Hundreds of contract teachers from two regions of China have attempted to lobby central authorities in Beijing with high-profile complaints about their pay and conditions, according to members of the group.
More than 200 non-civil service teachers from the central province of Hubei arrived at the education ministry Nov. 15 to complain about work conditions, as a similar attempt was launched in the eastern province of Jiangsu.
The Hubei teachers set off for the Chinese capital via a number of routes, although dozens were detained on the way, according to a teacher who made it to Beijing.
"They escorted a group home yesterday evening, and then another group was taken back this morning," said a Hubei-based teacher surnamed Wang.
Many petitioners who travel to Beijing to complain are picked up by officials from their hometowns, who run representative offices in the capital for this purpose, and are then escorted back home, where they can face beatings, surveillance, and further detention.
One group of around 30 teachers that managed to get into the education department in Beijing said they were still waiting to be seen by officials there.
"The purpose of this trip is to ask the central government to put pressure on the local government over the situation of non-state teachers," the group leader surnamed Yang said.
"We asked to see the education minister but we didn't get approval for that."
"We were waiting outside the gates this morning when they opened them. There are officials from our hometown who have been keeping watch over us the whole time."
Teachers in China can be hired on civil service or non-civil service contracts, and those on the latter frequently complain of wages that are below a minimum living standard and often go unpaid for months.
Directive No. 32, issued by the central authorities in 1997, called on local governments to put all teachers on civil service contracts, which carry higher wages and more benefits. But cash-strapped local authorities have dragged their feet over the new rules.
Yang said this attempt to complain about their treatment had not gone well.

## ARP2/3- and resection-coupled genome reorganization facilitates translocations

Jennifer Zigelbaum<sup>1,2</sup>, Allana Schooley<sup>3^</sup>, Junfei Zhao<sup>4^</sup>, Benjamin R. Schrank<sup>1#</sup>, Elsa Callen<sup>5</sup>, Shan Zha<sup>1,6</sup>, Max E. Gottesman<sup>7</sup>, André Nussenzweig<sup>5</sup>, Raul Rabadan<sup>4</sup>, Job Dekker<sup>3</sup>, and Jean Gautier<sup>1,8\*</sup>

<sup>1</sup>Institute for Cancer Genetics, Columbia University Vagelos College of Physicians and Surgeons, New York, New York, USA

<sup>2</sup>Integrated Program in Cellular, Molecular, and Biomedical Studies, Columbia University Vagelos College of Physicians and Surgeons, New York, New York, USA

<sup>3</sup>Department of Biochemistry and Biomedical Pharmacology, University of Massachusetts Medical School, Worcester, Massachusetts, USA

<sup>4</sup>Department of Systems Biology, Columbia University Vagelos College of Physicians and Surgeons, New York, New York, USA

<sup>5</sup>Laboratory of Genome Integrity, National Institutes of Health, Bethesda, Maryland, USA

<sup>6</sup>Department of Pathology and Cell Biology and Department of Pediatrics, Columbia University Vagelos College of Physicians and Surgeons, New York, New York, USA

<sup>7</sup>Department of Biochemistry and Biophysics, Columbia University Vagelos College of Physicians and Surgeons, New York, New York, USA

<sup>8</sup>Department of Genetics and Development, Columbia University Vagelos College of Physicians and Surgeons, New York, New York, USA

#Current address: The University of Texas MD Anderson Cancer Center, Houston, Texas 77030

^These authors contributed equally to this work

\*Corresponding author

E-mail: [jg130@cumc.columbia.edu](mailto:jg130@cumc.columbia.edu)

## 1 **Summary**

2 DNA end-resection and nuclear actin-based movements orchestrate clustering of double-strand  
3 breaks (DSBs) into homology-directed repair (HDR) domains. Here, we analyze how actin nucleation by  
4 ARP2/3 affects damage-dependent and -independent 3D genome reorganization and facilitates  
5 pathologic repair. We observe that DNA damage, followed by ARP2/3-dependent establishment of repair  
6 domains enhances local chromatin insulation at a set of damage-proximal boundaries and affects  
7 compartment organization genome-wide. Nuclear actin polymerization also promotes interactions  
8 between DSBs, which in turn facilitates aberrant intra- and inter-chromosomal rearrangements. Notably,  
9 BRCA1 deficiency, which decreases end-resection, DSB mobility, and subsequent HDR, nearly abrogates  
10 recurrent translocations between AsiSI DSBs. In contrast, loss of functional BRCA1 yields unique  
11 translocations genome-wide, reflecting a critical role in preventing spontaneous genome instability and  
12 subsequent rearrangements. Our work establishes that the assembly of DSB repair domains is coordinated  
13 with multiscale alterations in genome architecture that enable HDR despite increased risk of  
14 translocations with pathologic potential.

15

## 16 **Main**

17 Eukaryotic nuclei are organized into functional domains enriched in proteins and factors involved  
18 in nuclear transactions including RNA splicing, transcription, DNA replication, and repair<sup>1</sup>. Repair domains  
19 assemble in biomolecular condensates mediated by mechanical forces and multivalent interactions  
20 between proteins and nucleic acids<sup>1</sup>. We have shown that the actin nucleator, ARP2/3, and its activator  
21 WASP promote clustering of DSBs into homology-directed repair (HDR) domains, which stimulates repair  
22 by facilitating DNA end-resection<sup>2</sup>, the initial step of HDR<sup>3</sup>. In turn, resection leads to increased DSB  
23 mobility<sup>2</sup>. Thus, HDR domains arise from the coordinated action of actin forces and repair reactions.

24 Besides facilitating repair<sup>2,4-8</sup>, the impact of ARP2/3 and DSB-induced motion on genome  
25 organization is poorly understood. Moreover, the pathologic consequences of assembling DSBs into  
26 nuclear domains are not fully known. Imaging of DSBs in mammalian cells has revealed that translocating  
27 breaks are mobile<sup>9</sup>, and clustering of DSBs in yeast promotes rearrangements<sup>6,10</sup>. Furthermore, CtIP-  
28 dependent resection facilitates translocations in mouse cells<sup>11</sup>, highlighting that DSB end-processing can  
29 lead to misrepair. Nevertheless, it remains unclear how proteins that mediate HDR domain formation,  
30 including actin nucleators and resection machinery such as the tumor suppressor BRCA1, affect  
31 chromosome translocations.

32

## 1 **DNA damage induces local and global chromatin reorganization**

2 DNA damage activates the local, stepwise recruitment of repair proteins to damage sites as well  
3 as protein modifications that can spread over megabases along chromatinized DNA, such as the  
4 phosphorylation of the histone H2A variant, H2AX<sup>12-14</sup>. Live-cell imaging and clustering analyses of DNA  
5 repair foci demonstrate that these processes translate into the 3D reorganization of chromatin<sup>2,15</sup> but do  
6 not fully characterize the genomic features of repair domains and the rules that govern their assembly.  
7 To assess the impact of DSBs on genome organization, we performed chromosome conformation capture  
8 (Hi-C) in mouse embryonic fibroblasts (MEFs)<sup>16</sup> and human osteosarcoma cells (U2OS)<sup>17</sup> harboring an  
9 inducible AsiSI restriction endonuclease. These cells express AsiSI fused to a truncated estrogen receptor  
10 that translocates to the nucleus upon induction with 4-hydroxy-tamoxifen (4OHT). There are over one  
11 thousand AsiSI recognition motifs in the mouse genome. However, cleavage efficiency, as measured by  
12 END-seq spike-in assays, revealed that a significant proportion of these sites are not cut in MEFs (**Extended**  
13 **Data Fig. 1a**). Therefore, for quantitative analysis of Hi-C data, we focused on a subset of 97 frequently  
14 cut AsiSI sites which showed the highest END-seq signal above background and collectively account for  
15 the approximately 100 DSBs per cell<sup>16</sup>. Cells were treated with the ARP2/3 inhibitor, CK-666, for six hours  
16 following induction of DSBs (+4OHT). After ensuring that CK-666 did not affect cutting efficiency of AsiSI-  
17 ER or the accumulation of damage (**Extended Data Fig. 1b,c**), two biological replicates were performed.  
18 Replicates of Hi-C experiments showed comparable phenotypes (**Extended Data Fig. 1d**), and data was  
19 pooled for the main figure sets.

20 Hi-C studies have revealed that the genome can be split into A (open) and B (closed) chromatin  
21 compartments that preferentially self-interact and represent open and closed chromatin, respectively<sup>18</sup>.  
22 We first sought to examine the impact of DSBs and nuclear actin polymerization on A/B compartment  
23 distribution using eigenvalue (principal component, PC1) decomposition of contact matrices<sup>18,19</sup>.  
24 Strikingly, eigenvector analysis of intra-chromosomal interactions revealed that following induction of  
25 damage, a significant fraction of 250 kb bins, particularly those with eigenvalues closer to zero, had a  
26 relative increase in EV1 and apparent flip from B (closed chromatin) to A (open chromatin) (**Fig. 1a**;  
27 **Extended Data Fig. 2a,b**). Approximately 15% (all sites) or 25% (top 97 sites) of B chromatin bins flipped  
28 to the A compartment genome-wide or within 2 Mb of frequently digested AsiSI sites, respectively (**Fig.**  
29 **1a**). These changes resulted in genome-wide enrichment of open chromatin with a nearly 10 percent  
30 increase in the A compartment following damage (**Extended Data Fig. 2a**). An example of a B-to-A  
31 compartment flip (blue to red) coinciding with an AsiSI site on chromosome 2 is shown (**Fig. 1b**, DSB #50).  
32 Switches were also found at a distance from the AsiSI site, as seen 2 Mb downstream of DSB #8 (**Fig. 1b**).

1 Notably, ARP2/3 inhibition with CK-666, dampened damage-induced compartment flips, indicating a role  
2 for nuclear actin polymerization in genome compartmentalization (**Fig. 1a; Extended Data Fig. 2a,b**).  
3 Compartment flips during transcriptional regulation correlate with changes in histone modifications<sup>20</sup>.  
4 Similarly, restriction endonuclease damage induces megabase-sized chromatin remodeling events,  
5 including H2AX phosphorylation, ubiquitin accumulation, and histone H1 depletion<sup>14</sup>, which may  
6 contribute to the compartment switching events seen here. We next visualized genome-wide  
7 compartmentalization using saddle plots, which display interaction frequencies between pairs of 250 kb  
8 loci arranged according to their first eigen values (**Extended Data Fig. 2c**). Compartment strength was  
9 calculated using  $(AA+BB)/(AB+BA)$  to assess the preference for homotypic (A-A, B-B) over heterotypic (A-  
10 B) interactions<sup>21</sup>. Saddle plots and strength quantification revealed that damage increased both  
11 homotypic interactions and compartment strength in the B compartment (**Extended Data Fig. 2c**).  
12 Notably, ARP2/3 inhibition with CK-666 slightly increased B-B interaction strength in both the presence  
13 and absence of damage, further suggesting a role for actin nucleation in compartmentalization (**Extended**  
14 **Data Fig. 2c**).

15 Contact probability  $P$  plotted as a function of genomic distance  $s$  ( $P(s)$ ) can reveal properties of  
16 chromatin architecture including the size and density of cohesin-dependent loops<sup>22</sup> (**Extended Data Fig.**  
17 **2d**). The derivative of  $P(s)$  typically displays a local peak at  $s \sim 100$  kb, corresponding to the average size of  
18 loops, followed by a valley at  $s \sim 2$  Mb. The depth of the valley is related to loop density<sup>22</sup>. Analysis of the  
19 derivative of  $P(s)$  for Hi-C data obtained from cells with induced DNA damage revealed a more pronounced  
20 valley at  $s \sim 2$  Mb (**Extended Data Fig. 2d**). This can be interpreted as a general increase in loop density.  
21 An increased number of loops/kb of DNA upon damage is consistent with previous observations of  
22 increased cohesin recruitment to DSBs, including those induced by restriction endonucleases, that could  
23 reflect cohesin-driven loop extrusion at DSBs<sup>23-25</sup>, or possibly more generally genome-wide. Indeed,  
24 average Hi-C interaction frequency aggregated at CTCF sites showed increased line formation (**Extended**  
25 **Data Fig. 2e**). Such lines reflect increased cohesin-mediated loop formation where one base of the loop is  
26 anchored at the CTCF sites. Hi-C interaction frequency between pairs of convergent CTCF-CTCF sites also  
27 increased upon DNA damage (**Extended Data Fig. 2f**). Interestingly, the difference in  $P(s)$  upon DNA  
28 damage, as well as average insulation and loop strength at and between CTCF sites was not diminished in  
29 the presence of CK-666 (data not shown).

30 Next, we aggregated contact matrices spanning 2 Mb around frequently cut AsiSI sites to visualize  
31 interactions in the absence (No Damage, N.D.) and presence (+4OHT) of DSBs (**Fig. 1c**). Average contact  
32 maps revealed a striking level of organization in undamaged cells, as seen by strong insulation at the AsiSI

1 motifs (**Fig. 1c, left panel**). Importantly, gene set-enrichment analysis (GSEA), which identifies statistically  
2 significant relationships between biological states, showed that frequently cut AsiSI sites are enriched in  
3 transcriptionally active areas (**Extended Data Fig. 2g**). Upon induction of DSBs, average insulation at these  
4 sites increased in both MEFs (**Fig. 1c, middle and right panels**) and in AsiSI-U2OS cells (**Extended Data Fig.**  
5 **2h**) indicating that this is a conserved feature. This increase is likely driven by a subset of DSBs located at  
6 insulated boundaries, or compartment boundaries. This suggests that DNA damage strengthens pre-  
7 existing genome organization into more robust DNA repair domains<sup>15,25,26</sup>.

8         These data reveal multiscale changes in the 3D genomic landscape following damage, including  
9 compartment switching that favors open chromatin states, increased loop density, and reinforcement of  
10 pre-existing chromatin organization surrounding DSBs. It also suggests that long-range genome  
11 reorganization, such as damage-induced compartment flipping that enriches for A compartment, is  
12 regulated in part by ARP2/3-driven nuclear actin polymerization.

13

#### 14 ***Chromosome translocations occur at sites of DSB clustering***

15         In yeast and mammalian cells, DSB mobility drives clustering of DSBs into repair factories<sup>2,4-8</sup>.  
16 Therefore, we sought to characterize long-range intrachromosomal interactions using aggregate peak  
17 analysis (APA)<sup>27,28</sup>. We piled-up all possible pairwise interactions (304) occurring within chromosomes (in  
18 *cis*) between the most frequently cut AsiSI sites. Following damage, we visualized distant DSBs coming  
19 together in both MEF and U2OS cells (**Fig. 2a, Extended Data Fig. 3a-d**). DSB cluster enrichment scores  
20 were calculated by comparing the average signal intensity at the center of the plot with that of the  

"There was a complaints section leader who very rudely pulled a teacher by the arm and pushed him to the ground," he said.
"The teacher has high blood pressure, so this was very dangerous. They were very uncivilized, and said we should get him out of there," Yang said.
An official who answered the phone at the complaints department of the education ministry confirmed that the teachers had visited.
"Some are still here, and some have already left," the official said.
Wang said local officials had told them that their complaint was illegal.
"They said you have made us look stupid," he said. "They said that mass petitioning was illegal."
In Jiangsu, a high school teacher not involved in the protest said he had heard that pay for non-state teachers had been low for a long time.
"The salaries are low. They have been very low for a while," Wang said.
"I have also heard from the teachers that they haven't been paid for a long time. They haven't actually had any money."
He said that non-state student teachers in Jiangsu's Pei county, one of the richest counties in China, could expect a salary of around 900 yuan (U.S. $135) a month, while more experienced teachers earned 1,200 yuan (U.S. $180) a month.
But he said skyrocketing prices made it hard to live on such an income, even if it was paid on time.
"The government shouldn't be richer than the people," he said. "This is supposed to be a rich county, but they can't even pay the ordinary people's salaries."
"The teachers are being treated worse than manual laborers," he said. "There's obviously a problem here."
One Jiangsu contract teacher surnamed Liu said he felt extremely disappointed at his treatment by the government.
"We have been working in education for several decades now," Liu said. "The government promised us years ago that non-state teachers would be moved to civil service terms."
"The documents came through and everything, but it was never implemented. How can we rest easy?" he said.
China’s army of petitioners say they are repeatedly stonewalled, detained in “black jails,” beaten, and harassed by authorities if they try to take complaints against local government actions to higher levels of government.
Reported in Mandarin by Fang Yuan and in Cantonese by Fung Yat-yiu. Translated and written in English by Luisetta Mudie.